I think we all recognize how sometimes we lean on others or allow them to push us. We have to remind ourselves – support is all around us – it keeps us real – it is the mirror that makes us realize WHY we are doing this in the first place. So, let’s take a moment to consider and acknowledge the support team that helped you get here.
First, I have no doubt you have similar individuals like my writing partners sitting beside you today who offered you that same kind of support as you progressed through your program. I hope you will take time to think about who they are and acknowledge them and the role they played for you in this process.
Further, I imagine the staff and faculty here at (Whidbey Island) (Bangor) hold a special place in your heart. I feel confident saying they provided their support to you because of their passion for education and their commitment to see each and every one of you fulfill the dream you set out to achieve. I hope you will join me in thanking them for their dedication to you.
Finally, we all know your success would not have been possible without the support of your families and friends. While your classmates and the staff and faculty provided one kind of support, I think we can all agree it was your family and friends that truly made the difference. I imagine they became your biggest cheerleaders throughout this process and pulled you through when you believed you could go no further. I would encourage us to take a moment to thank them for their efforts.
Remember I had 5 sentences written after that July 4th weekend?
My final dissertation ended up being 140 pages long, and while I had no idea how long the final document would be at the time, I can assure you of the overwhelming sense of despair and, frankly, the sense of panic that set in at the end of that weekend.
I share that story not to dissuade any of you from going on to take another step in your academic life. In fact, it’s quite the opposite. My goal is to inspire you to think about the journey you are about to complete as you receive your diploma. Think about those moments along the way when you may have experienced equally low moments like those I had during that July 4th weekend. What did YOU learn from those moments that allowed you to be here today?
I recently read an article in a newsletter called Inside Higher Education about the dissertation process that pretty well summed up what I learned from my doctoral journey. I think it applies equally well to the academic challenge each of you have just successfully completed. The author wrote:
“The dissertation is not a test of intelligence or a measure of human worth. You know what it is? A test of consistency and resiliency. The dissertation chairperson and committee are really asking: ‘How much can you take? After we knock you down, how many times can you come back out of your corner, swinging and writing?’ None of it has any relation to your value as a human being.”
We also can’t forget the words of General George Custer who said:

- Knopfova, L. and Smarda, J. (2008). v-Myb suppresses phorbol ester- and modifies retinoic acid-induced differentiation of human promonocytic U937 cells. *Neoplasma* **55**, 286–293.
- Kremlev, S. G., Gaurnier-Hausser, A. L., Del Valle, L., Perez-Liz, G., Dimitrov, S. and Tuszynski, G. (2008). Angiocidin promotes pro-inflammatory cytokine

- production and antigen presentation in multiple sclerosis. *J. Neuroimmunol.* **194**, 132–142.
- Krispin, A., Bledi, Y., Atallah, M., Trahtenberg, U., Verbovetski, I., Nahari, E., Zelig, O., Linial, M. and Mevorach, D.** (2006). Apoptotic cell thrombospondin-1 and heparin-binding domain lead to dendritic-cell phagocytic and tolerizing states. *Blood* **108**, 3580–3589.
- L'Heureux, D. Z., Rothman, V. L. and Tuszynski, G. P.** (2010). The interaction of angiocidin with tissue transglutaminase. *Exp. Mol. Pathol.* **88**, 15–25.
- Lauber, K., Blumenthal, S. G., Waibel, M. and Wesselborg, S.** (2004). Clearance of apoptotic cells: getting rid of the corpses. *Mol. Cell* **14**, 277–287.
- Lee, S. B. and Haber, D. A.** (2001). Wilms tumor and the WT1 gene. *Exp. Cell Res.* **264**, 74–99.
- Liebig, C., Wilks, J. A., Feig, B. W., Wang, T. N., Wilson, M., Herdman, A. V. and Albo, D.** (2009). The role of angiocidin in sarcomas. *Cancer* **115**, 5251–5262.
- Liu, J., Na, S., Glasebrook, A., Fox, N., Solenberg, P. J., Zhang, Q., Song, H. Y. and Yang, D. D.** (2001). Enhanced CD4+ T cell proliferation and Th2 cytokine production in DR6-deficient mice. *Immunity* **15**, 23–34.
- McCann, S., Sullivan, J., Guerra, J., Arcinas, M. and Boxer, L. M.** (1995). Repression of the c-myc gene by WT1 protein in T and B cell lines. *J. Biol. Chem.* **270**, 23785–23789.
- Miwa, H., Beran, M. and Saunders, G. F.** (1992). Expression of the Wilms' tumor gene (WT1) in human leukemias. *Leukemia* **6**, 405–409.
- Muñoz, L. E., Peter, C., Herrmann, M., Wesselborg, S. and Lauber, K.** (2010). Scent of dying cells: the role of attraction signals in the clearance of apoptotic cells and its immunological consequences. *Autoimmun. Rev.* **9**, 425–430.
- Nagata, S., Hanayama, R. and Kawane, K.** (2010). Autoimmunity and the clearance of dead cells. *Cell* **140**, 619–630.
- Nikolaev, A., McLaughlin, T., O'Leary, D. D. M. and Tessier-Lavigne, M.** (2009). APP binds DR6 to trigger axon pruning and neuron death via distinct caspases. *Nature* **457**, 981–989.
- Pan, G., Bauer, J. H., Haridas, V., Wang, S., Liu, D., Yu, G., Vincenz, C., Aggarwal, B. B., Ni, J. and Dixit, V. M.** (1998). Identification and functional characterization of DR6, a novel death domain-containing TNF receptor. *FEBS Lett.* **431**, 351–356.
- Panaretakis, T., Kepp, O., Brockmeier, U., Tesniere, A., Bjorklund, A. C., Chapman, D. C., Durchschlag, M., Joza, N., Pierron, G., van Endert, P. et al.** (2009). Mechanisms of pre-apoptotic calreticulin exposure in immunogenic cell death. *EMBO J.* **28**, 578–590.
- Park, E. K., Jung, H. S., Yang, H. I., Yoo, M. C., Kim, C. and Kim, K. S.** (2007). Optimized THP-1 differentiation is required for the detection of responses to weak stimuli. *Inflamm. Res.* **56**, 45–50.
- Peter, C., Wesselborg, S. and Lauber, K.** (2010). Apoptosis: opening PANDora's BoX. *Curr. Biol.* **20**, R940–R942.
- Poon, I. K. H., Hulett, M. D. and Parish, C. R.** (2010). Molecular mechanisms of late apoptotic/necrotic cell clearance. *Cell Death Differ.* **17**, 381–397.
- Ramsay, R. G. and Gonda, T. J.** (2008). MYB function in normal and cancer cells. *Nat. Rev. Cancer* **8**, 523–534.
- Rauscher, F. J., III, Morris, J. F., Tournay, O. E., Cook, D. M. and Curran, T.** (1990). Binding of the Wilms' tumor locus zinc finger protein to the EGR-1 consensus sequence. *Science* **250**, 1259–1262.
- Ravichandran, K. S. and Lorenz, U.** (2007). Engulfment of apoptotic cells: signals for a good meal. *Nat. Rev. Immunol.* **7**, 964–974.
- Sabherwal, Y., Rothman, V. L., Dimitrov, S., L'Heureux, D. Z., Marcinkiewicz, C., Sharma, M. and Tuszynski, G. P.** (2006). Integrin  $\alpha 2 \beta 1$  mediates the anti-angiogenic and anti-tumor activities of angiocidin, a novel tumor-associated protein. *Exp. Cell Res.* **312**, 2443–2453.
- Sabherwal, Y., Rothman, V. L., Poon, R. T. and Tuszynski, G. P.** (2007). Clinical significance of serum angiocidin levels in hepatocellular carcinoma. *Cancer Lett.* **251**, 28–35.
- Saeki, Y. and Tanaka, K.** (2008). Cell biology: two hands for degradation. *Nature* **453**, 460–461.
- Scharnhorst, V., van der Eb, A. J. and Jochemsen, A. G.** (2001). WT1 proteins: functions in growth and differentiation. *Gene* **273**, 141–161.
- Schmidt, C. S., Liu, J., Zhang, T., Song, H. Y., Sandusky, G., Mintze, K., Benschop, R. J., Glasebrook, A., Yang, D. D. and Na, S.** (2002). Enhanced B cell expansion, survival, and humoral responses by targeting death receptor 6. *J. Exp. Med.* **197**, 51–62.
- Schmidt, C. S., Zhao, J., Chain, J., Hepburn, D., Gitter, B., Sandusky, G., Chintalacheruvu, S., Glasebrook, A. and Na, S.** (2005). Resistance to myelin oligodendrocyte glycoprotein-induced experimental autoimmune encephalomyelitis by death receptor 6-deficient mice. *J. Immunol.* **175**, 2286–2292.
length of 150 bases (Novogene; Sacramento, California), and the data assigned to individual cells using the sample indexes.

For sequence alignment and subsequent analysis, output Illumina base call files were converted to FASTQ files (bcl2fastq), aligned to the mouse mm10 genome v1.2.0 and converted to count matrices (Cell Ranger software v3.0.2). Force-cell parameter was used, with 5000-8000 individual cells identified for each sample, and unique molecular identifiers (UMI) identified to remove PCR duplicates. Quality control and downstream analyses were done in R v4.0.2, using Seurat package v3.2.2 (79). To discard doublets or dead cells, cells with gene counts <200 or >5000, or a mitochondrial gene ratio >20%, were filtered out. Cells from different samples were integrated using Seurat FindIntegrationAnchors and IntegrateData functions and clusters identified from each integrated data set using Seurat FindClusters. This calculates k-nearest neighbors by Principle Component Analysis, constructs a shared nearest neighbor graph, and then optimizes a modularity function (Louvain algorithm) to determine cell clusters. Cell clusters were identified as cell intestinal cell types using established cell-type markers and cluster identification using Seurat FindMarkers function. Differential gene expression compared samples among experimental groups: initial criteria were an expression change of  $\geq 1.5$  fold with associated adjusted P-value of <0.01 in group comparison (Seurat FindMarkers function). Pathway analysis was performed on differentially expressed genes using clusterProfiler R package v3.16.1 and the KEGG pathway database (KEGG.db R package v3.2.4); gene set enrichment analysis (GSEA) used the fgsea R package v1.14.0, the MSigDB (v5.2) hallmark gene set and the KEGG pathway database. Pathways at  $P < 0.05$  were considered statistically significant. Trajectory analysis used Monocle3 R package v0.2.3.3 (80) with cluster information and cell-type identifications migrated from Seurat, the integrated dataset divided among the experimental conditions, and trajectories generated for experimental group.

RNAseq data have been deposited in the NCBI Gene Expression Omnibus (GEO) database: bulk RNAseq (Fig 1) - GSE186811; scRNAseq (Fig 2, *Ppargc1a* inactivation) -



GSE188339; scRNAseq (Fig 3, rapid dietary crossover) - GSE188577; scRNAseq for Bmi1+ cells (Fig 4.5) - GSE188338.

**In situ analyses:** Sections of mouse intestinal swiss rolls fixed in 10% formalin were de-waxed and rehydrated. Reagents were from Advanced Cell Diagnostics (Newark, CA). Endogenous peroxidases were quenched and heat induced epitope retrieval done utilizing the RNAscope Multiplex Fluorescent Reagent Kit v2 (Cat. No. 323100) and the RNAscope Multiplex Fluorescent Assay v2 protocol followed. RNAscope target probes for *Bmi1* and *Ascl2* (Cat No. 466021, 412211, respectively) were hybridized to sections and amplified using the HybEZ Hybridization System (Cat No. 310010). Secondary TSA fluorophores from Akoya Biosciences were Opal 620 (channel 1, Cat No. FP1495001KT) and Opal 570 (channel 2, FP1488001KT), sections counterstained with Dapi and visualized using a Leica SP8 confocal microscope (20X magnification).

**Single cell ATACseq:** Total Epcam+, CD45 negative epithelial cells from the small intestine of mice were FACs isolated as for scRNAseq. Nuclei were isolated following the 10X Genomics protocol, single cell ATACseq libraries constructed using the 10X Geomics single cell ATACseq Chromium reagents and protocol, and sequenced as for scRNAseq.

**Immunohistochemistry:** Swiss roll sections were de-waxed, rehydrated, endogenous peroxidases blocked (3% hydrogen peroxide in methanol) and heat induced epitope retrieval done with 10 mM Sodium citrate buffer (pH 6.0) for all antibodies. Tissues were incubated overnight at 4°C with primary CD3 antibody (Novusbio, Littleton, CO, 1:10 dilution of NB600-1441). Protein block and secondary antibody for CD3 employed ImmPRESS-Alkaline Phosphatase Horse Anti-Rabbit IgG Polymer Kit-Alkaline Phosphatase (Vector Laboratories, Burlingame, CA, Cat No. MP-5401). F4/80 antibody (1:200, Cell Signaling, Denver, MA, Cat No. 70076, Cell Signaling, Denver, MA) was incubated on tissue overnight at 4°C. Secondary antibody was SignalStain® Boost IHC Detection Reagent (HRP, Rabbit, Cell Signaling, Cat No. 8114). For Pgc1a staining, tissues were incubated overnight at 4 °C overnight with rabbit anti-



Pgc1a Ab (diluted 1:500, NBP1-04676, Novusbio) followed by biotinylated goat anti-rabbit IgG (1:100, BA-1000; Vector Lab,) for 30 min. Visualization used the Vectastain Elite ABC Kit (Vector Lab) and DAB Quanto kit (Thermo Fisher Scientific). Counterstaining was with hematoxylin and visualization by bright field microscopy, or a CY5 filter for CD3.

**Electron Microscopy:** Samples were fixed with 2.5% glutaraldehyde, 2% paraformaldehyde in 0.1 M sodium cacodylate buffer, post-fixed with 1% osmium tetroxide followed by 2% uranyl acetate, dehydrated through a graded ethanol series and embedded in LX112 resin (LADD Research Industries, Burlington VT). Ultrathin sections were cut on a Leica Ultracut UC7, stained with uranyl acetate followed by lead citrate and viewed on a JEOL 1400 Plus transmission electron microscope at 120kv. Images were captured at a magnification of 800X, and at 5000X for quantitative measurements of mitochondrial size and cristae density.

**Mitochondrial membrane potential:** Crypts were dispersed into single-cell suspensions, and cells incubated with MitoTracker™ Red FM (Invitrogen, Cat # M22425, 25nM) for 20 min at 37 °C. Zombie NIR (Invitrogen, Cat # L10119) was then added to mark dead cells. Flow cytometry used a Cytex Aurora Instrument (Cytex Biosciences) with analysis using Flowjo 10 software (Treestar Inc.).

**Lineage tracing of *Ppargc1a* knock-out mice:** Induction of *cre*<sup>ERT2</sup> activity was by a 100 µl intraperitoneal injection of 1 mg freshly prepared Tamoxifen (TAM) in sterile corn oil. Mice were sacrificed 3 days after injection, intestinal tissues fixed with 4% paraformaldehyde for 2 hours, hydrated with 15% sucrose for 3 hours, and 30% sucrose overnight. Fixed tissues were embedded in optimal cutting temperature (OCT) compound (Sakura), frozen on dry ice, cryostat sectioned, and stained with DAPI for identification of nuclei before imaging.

It’s not how many times you get knocked down that count, it’s how many times you get back up
This ceremony isn’t an ending. It isn’t called a conclusion – it’s called a commencement
While this ceremony should be the start of an incredible time of celebration it’s also an opportunity to look forward and ask “what’s next?” I encourage you to consider how this experience has influenced your outlook on life. How has it impacted your role as a parent? As a spouse? Even as a good friend? All of us likely remember how interesting it was to review the learning outcomes of each class in our programs. My challenge for you today is to consider what you learned about yourself looking back over the last couple of years and how those lessons will be applied as you move forward in your life.
I want to conclude by acknowledging how firmly I believe each of you represents an emerging area of psychological research around the idea of grit. For those unfamiliar with the concept of grit, I encourage you to learn more about University of Pennsylvania Psychologist Dr. Angela Lee Duckworth. In a 2013 TED talk discussing her research about grit, Dr. Duckworth shared:
Grit is passion and perseverance for very long-term goals. Grit is having stamina. Grit is sticking with your future, day in, day out, not just for the week, not just for the month, but for years, and working really hard to make that future a reality
And, as Dr. Travis Bradberry who is known for his research around Emotional Intelligence added:
Grit is that ‘extra something’ that separates the most successful people from the rest.
Today confirms you have set yourself apart from others. You responded to an incredible gut-check, you demonstrated your ability to persevere, and, yes, you demonstrated that quality of grit. But, don’t ever forget those initial feelings of anxiety you had when you started this journey, the support that helped you along the way, and the opportunity for you to consider what’s next in your life.
I am honored to have had a chance to help you celebrate this exciting and important milestone in your life. As the son of a retired Air Force officer, I also want to offer my personal thanks to those of you who serve, or have served, in the military. I truly appreciate your service to our country.
I offer all of you my most sincere Congratulations and my best wishes for the future.